Day One

To digitally back up my analog journal, I take a photo each night of that day’s entries and add it to Day One I tag them with “hybrid” to keep them organized. Sometimes individual log items are copied to their own entry as well if I think they’ll need to be recalled later.

One could use Evernote in the same fashion and take advantage of the superior search and OCR ability. If I were to use Evernote, I’d call my main notebook “Journal” and sort it by Date Modified (like a gentleman). I’d archive that notebook at the end of each year by renaming it to “20xx” for the year that just passed and create a new “Journal” notebook to coincide with a new Moleskine.

Omnifocus

Occasionally, journal items aren’t carried forward to the next day. Instead they may belong as a next action on a project-specific list, or need to be deferred to future date. These scenarios can both be handled within the confines of the Bullet Journal, but to me they’re better handled by Omnifocus. Really, you could use any task app here—I don’t think it matters. I use OF because it’s familiar and it works the way I think.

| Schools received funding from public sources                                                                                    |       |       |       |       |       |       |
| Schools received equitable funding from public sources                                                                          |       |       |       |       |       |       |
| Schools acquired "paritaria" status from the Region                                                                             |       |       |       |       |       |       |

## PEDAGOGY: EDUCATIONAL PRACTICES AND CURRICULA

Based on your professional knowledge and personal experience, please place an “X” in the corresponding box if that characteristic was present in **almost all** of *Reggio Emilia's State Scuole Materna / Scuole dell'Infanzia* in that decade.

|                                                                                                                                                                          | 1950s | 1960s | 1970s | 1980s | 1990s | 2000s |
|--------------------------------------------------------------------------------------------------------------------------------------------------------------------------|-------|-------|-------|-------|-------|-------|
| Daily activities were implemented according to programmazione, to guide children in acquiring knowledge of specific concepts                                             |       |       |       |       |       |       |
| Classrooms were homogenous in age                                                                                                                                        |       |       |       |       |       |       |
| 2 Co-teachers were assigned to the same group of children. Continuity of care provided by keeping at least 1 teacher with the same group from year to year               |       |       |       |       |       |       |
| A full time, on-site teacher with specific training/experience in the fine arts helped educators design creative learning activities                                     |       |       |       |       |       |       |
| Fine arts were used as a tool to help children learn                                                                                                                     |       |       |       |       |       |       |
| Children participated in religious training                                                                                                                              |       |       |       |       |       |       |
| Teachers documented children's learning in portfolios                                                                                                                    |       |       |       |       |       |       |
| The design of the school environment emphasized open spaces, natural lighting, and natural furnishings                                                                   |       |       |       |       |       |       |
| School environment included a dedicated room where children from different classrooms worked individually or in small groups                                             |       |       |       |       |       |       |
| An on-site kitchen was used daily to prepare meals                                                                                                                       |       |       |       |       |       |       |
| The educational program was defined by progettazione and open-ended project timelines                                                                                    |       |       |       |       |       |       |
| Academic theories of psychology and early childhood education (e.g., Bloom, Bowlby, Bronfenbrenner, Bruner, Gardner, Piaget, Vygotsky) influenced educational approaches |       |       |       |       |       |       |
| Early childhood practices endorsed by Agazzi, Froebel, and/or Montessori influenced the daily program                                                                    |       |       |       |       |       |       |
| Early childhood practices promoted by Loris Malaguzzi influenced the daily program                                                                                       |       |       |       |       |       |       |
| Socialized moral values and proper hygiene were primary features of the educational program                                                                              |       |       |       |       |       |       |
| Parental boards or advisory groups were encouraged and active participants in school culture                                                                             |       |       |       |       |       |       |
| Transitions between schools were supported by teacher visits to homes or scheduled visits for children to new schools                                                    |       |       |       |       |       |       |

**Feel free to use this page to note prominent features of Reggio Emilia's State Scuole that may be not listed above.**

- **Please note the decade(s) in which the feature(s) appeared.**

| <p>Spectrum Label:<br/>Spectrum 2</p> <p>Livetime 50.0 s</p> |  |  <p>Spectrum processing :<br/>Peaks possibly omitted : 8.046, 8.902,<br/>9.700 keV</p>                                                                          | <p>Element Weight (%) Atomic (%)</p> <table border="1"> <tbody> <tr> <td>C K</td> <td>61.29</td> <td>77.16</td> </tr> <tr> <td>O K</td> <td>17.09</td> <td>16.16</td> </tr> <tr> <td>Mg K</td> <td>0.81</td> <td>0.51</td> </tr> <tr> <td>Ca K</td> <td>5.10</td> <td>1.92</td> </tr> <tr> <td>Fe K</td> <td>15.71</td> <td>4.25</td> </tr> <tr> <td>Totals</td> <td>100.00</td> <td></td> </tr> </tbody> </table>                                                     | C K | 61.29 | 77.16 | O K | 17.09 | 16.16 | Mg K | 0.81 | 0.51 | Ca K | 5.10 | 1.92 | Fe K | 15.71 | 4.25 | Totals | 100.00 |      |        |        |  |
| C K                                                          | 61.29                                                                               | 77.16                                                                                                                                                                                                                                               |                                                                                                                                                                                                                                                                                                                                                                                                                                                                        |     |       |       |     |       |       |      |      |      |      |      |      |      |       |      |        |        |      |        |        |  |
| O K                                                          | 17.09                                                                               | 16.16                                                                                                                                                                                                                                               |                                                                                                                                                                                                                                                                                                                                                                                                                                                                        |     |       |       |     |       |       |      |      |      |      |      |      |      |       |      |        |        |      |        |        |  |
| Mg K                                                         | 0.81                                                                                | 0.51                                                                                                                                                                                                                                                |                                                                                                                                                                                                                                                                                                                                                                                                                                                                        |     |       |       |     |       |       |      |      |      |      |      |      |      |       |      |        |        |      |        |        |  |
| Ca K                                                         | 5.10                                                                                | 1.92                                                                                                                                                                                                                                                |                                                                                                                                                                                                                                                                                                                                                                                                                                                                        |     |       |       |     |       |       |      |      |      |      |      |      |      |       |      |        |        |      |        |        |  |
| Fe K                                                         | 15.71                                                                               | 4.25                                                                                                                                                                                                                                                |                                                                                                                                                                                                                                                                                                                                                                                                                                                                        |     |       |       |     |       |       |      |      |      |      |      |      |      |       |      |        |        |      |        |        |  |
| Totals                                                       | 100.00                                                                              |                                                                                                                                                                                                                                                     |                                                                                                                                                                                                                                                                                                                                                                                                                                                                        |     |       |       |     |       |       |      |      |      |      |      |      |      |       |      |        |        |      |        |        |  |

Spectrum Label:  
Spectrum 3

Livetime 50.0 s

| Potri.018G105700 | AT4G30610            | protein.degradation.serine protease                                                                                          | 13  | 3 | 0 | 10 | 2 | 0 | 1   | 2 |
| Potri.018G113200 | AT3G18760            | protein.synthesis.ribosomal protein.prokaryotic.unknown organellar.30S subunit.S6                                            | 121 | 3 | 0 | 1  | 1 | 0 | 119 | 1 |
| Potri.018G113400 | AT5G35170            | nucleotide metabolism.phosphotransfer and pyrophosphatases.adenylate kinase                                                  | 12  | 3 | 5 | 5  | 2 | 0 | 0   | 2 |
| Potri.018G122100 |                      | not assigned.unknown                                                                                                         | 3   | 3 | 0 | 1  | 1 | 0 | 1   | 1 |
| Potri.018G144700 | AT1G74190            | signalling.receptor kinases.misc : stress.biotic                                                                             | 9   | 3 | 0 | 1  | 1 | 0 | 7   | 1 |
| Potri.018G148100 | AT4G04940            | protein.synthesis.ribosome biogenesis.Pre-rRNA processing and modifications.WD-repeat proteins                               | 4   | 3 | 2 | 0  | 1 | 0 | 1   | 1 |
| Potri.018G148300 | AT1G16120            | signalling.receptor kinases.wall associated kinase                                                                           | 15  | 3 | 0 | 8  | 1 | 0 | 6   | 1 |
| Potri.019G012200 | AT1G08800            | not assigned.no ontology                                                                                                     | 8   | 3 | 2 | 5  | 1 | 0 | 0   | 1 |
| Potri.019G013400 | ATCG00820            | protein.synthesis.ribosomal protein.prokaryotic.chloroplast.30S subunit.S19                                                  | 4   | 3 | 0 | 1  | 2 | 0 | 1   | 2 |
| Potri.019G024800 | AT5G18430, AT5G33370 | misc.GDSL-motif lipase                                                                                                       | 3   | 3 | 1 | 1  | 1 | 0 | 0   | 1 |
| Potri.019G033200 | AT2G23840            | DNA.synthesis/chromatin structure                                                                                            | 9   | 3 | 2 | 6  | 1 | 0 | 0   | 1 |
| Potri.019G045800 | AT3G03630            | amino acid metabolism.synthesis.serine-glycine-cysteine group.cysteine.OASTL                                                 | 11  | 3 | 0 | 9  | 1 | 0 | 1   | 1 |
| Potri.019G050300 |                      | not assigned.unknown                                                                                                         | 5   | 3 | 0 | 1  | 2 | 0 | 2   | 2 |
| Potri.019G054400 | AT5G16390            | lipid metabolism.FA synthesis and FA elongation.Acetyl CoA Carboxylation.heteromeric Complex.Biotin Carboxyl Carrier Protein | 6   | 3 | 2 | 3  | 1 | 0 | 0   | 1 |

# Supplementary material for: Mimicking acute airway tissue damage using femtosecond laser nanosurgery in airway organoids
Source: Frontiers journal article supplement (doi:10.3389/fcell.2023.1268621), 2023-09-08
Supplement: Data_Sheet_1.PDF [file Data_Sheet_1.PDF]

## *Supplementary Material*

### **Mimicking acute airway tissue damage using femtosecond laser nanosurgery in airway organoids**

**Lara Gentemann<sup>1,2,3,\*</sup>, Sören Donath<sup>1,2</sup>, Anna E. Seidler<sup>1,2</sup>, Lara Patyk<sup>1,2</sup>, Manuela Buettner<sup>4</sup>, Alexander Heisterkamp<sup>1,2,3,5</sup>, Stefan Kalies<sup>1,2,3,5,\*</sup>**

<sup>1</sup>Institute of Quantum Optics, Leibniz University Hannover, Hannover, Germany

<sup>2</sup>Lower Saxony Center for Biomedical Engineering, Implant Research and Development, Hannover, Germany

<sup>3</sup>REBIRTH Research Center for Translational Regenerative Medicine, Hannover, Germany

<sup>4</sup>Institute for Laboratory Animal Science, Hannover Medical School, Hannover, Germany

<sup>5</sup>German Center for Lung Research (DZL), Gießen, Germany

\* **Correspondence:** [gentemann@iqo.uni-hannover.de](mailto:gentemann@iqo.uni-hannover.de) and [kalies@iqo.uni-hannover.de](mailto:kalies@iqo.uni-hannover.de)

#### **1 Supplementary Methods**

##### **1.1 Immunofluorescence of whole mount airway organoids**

Logging

I use the canonical Dash/Plus method to log items throughout the day. Each item as it comes in begins as a “—” and evolves from there depending on what it means to me.

Every night before bed I do a quick review and plan for the next day.

Review

• Marking any completed action items with a “+”

• Carrying forward with a “→” any items I’ll try to complete the next day

• Copying any deferred or project tasks to Omnifocus and marking them with a “←” if I don’t plan to carry them forward to tomorrow

• Copying any incomplete date-specific events to my calendar and marking them deferred with a “←”

Plan for tomorrow

• Check forecast view in Omnifocus for tomorrow, add any events to the journal

• Add any due or deferred tasks to the journal

• Select the top three most important tasks for tomorrow so I can start the day without thinking about what I need to do

This gives me a head start for the next day. Then, I just try to repeat the same process again.

Adaptability

The key to both Bullet Journal and Dash/Plus is adaptability. Neither system is rigidly defined, and Pen & Paper are inherently customizable. If you’re feeling artistic, you can incorporate Sketch Notes into your workflow. What I’ve documented here works for me and got me to stick with an analog journal. Take whatever elements you like from these systems and mash them into one that works for you.

Focus

The same energy that you currently spread amongst the many tasks you are now doing, can be focused to put a real, deep, burning, hole right in the center of the one thing you should be doing.

Patrick Rhone

I come up with a lot of seemingly great ideas. I follow through on none of them. I’m really good at starting projects, but prolific in my inability to complete them.